We can do it: WW II offers lessons for COVID-19 vaccine planning

Distributing and getting COVID-19 vaccines into the arms of millions of people, error-free, the first time and every time — and hopefully within a limited time period — may be the largest single undertaking of its kind in human history. We need a plan.

Quality control, assurance and management developed over 75 years can get job done

Public health nurse LoriAnn Laramee vaccinates Dr. Brian Sharkey, a family and urgent care physician at the Victoria Hospital, at Health Sciences Centre in Winnipeg on Wednesday. Planning to vaccinate most of the people in the world must be done properly for the project to succeed, writes Madhav Sinha, president of the Canadian Society for Quality. (John Woods/The Canadian Press)

Distributing and getting COVID-19 vaccines into the arms of millions of people, error-free, the first time and every time — and hopefully within a limited time period — is going to be a herculean task and perhaps the largest single undertaking of its kind in human history.

The good news is that vaccines are going to be available soon, but we need a plan. There is an urgent need for each city in every state, province, country or, for that matter, all countries to have a plan.

The enemy is the same (the coronavirus). So the next million-dollar question is whether it's possible to have only one plan similar in outline that can serve to attain a happy ending for each and every country and the entire world, leading to the end goal of the project: declaring a country (and the world) COVID-19-free.

Yes, we need a plan. A plan, however, is not a plan until it is written down on paper and distributed to all stakeholders.

The military mobilization of the Second World War years shows us how the U.S., Canada and allied nations worked together and found the way to produce millions of items for fighter jet repair parts and military equipment replacements that needed just-in-time delivery and to work without fail, time after time.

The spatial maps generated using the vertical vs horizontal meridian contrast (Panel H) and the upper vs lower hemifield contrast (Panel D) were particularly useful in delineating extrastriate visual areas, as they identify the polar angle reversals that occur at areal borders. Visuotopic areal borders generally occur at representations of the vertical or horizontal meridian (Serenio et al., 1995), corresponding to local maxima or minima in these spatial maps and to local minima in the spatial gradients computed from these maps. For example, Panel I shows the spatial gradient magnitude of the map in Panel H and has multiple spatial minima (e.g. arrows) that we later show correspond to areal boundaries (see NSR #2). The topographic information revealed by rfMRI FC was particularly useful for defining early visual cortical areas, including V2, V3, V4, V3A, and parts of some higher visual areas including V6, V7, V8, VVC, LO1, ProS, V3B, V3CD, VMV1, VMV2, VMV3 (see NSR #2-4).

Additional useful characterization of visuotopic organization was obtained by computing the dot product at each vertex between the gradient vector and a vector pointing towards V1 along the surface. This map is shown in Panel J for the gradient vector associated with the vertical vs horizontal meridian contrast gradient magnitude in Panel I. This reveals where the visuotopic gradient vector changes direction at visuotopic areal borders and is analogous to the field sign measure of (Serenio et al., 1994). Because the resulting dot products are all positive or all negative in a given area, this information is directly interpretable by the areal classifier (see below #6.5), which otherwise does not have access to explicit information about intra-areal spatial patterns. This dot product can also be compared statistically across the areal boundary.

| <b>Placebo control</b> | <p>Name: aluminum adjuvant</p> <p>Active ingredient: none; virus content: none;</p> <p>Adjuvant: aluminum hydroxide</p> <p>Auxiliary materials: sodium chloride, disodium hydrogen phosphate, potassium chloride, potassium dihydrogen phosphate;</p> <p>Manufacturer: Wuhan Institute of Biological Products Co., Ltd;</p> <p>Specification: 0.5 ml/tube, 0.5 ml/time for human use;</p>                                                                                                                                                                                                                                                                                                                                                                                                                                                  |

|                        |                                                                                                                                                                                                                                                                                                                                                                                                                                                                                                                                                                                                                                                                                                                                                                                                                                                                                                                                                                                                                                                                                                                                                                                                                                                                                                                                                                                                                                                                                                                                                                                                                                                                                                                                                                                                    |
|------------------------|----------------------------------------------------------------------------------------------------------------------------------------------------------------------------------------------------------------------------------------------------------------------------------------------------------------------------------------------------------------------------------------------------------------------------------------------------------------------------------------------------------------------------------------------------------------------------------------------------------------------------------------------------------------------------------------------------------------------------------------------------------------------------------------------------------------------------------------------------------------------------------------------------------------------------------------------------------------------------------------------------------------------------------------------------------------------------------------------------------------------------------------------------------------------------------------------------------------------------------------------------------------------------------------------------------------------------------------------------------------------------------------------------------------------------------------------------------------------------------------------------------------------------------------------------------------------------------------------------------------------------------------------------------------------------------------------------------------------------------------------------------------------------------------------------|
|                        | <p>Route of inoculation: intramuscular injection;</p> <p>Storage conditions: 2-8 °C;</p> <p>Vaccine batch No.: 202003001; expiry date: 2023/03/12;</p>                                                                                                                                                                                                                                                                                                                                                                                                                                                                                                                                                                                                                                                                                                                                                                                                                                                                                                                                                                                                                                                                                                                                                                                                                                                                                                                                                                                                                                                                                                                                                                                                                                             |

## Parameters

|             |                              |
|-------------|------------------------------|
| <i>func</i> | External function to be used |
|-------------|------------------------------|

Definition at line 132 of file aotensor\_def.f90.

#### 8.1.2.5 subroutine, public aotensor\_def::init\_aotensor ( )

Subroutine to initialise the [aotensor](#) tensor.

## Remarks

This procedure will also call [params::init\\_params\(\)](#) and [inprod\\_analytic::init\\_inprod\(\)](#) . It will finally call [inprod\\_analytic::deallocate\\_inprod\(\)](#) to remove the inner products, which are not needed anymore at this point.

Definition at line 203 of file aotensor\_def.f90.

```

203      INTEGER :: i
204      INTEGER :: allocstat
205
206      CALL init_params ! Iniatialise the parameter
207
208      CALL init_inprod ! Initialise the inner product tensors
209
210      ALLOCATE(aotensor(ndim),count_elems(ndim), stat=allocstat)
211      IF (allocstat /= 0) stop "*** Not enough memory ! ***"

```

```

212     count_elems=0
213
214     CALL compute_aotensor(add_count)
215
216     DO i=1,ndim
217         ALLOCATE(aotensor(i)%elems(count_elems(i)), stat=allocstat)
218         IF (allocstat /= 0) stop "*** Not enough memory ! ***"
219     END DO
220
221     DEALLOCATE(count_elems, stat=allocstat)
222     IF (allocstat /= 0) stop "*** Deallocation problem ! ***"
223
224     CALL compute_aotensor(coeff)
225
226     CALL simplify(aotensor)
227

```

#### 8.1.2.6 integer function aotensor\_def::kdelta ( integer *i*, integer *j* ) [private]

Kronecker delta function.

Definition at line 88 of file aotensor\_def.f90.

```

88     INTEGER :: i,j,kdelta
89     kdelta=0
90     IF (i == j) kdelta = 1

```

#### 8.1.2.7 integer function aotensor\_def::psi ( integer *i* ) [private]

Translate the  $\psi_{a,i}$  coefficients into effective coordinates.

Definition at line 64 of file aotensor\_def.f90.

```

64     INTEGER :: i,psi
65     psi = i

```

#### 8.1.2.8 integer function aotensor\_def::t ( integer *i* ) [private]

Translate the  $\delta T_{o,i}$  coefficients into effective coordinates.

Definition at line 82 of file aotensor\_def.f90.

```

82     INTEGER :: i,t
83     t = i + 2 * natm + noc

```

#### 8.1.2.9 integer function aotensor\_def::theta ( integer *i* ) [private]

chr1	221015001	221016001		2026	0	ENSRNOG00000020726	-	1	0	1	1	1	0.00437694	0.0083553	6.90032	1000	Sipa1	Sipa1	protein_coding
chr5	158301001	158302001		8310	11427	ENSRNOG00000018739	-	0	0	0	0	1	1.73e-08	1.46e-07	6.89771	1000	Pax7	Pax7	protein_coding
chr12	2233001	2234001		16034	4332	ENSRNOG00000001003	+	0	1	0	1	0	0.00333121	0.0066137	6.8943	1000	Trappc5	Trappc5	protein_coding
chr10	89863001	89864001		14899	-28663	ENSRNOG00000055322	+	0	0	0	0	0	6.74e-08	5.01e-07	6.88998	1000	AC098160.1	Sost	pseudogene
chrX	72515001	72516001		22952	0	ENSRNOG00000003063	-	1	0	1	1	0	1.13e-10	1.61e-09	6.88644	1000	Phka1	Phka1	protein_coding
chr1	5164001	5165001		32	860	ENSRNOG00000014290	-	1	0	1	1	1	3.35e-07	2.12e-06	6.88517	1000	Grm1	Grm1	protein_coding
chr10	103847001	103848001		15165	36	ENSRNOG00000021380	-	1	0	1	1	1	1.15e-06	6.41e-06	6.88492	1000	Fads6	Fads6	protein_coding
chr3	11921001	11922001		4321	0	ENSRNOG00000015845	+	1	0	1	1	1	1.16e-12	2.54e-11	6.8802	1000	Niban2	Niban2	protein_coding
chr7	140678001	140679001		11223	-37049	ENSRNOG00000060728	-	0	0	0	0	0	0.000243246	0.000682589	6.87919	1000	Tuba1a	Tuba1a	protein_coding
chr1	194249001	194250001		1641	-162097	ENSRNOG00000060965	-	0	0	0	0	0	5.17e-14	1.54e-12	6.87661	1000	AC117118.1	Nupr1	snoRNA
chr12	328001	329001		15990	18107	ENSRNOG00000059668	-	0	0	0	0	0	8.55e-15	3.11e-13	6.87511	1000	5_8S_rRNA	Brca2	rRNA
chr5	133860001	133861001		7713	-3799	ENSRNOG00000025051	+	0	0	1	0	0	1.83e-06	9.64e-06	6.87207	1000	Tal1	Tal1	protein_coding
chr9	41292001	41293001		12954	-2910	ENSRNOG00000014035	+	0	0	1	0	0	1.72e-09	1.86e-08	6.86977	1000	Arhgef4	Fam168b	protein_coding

Eureka moments came to our many scientists and engineers and led to the historic development of subjects like quality control, quality assurance and total quality management. The goal was to reduce and eliminate defects from all work processes and every delivery system, with one focus only: customer satisfaction and better quality of life.

The team of planners and administrators for the COVID-19 vaccination program can achieve a great deal from the body of knowledge produced during the war years, and expanded on during the following 75 years. The quality management body of knowledge has continued to grow and its theories and practices have become recognized as the gold standard for bringing about improvement and innovation.

The plan for the vaccination project needs to be written and arranged similarly to the quality assurance manual of a multinational corporation.

It must describe everything from A to Z, starting with safety, to the procurement of vaccines, to handling the steps in the entire supply chain, to administrative responsibilities, procedures, staff and volunteer training, applicable regulations details, mandatory requirements, flow charts, procedure sheets, work instructions with symbols, inspection hold points, special addenda for concerned jurisdictional authorities and so on.

A dry run to check and double-check the new system will be needed, along with provision for a quality audit, both during and after the crisis.

The coronavirus pandemic has shone a bright spotlight on how important it is to have a systematic, time-tested, robust quality improvement-based system embedded in our entire health-care operation.

Quality assurance management must be the rubric under which the vision and mission of every nation's corona vaccination project is re-examined.

It will take time and require resources and political willpower.

Time is running out. It must be done.

This column is part of CBC's Opinion section. For more information about this section, please read this editor's blog and our FAQ.

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About the Author

Madhav Sinha is president of the Canadian Society for Quality. A professional engineer with a PhD from the University of Manitoba, he is the author, co-author and editor of 10 books, 11 special issues of journals and over 40 research papers on various topics related to innovation and quality management.


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